You might have heard about Facebook's plan to add other instant emotional reactions to its interface, in addition to the iconic like button. Well, the future is almost here.
As of this month, the new program -- called Facebook Reactions -- has gone live in Chile, Ireland, Japan, the Philippines, Portugal, and Spain. Now Facebook's chief product officer says it's coming to the United States "in the next few weeks."
The timing is mentioned in passing in a lengthy article on Bloomberg Business about Chris Cox, who joined Facebook in 2005, and whose job now means he's the top company official in charge of "big blue app."
(Apparently that's how Facebook employees refer to Facebook itself, as distinct from the company's other products and projects, like Instagram, WhatsApp, etc.)
Here's what the approaching change entails, and what it means for users and advertisers.
Like is a four-letter word.
First, the stats: Facebook's 1.6 billion users click like more than six billion times every day, according to Bloomberg, which means there are more likes than Google searches -- or about 80 percent as many likes each day as there are people on the planet.
The button has become one of Facebook's most prominent symbols, and one of the key data points of the algorithm Facebook uses to determine what content gets shown organically in people's newsfeeds.
As anyone who has ever used Facebook realizes, while like has become a universal symbol of acknowledgment, there are a lot of statuses and stories on Facebook that people don't like -- even if they feel compelled to "like" them.
Liking a friend's report of her divorce, or a post about a natural disaster, for example, doesn't make a lot of sense.
Angry, sad, wow, haha.
While users have long asked for a dislike button, this isn't exactly that. At first your screen won't look any different, but if you hover over the like button, other reaction icons will pop up -- each based on the most-common sentiments expressed in Facebook comments:
Additionally, instead of just showing how many likes a post has received, Facebook will now break it down into wows, hahas, loves, etc.
By the way, the yay icon gets an asterisk here because while it's been included in Facebook's test rollouts, it may be doomed.
"Yay was ultimately rejected because 'it was not universally understood,'" Bloomberg reports, citing a Facebook spokesperson.
Reaction to reactions.
So what does this mean for advertisers and users?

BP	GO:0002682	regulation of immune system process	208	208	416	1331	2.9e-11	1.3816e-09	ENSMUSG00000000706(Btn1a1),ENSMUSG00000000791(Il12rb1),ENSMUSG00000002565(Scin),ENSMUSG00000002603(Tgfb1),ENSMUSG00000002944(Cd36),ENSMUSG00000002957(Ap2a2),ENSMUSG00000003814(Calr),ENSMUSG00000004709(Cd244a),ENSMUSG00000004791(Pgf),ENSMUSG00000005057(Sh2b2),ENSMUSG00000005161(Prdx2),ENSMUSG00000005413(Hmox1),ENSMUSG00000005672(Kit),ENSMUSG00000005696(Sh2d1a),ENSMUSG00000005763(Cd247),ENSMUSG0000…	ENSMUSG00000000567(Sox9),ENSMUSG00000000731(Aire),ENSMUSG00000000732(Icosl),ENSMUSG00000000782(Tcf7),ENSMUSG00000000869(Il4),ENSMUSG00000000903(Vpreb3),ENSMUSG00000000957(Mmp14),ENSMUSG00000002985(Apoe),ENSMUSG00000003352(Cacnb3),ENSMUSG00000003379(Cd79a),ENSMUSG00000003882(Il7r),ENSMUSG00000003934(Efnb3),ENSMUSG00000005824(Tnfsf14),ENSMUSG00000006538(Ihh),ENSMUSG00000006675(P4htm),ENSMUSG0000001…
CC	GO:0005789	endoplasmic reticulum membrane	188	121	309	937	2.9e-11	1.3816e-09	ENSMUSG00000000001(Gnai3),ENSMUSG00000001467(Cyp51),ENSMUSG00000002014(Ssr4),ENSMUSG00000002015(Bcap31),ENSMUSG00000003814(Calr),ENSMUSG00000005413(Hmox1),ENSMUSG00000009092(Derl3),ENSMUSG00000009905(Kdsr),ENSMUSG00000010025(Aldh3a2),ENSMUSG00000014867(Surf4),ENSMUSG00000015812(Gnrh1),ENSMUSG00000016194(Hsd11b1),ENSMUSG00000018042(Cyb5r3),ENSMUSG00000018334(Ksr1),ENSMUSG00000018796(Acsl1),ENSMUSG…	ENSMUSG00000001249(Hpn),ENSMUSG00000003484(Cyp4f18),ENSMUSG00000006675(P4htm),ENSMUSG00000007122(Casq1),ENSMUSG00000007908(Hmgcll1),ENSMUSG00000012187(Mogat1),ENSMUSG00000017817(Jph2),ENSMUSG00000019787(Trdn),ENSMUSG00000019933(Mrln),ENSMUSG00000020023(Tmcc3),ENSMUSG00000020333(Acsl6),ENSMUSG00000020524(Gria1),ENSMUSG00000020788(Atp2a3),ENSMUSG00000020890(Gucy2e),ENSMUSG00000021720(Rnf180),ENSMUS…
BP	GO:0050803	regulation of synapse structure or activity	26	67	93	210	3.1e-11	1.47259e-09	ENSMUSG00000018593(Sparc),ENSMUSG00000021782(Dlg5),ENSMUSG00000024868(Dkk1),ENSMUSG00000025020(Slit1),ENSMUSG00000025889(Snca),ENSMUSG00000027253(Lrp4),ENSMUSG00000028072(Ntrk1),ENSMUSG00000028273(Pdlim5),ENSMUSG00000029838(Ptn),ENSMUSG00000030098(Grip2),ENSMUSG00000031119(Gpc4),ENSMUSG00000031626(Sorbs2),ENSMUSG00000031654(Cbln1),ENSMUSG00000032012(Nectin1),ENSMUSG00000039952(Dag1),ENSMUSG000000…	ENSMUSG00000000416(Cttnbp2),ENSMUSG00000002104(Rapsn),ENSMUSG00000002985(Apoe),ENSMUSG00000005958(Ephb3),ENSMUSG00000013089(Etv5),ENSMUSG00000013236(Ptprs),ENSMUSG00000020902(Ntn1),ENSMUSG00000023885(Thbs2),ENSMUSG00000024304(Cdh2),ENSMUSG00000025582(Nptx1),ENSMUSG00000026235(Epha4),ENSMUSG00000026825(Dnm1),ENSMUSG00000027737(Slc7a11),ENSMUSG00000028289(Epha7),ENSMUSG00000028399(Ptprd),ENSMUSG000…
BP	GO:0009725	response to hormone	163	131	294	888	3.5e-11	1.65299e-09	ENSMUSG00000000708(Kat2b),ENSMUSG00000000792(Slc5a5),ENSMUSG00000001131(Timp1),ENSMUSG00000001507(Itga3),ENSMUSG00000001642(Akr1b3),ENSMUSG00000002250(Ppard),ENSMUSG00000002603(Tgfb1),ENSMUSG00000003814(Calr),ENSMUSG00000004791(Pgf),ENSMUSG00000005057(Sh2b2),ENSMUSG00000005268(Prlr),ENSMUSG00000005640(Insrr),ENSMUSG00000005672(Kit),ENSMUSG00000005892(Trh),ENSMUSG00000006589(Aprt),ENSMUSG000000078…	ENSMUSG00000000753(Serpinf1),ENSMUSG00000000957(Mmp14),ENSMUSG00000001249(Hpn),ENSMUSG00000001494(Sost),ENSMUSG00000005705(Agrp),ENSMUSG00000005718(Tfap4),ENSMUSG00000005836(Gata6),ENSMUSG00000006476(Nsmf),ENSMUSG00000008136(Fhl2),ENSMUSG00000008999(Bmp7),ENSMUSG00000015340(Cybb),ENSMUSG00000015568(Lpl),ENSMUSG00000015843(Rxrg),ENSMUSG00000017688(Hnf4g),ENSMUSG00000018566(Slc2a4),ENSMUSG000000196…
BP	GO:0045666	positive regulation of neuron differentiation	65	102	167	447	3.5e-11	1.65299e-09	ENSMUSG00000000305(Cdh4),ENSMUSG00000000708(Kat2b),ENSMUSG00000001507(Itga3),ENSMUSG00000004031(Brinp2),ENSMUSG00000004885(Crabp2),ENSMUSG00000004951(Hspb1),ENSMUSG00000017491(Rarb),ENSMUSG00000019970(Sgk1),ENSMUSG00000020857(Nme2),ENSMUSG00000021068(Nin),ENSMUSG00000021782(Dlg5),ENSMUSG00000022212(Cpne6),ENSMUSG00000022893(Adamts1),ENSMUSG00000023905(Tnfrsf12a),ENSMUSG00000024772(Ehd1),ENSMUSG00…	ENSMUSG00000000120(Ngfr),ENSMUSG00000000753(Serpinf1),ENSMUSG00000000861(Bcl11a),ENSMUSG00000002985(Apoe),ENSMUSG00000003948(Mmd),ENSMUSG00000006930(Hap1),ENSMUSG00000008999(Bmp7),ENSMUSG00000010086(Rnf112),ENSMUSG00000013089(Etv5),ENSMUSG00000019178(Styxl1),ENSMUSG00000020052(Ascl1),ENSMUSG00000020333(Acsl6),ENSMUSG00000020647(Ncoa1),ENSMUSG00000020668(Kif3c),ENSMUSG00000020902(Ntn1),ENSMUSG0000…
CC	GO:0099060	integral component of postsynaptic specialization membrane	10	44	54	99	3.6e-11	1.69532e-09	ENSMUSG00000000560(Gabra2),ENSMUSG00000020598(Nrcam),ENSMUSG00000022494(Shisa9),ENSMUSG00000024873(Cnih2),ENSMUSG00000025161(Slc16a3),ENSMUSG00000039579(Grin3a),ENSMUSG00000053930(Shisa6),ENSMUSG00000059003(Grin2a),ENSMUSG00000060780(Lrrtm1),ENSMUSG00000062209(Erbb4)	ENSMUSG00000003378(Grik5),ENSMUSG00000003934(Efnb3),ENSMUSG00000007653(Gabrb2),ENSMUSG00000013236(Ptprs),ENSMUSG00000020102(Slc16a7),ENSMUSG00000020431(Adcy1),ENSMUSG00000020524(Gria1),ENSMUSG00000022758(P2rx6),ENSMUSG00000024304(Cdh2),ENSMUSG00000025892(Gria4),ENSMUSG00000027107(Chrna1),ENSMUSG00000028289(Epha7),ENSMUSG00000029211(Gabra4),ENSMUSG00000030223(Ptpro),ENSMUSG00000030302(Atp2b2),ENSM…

For brands, it likely means yet another change to the algorithm that determines how much your content gets displayed in newsfeeds organically, and how much you have to pay for advertising and boosting.
Exactly how Facebook will design its algorithm to react to content that prompts users to hit the angry or sad icons however, is anyone's guess.
(One would think an angry or sad reaction might be better than no reaction; but that's really just conjecture.)
If anything, it's even tougher to predict how ordinary users will react to Reactions as a feature, or how it will affect the way we communicate in general. Will users feel compelled to pile on the bandwagon when they see a post generating amazement or laughter or anger among their peers?
When Facebook rolled out the news feed in 2007, its users nearly revolted; now it's the backbone of the big blue app. Of course, Facebook is much bigger now, and the change could be the equivalent of Coca-Cola messing with its secret recipe, as Bloomberg puts it.
Reactions in the countries where it's been tested seem to range from neutral to positive, at least as far as I could find. A writer for Mashable in Dublin said Reactions seemed natural and straightforward when it came to news stories and other more public content -- but "it was a bit more difficult when it came to the personal."
A friend posted that his girlfriend had left him and I spent ten minutes agonizing over whether I should add a sad emoji (too pitying?), angry emoji (that might just rile him up!) or the "wow" one (this could have the subtext: wow, you're bad at relationships). In the end, paralysed by my choice of emotional reactions, I ended up commenting ("Take it one day at a time, dude.")
We'll all find out soon. Meantime, if you live in one of the places where Facebook Reactions actually has already rolled out, I'd be interested to hear from you.
Either contact me directly or let us know in the comments below what you think of the changes.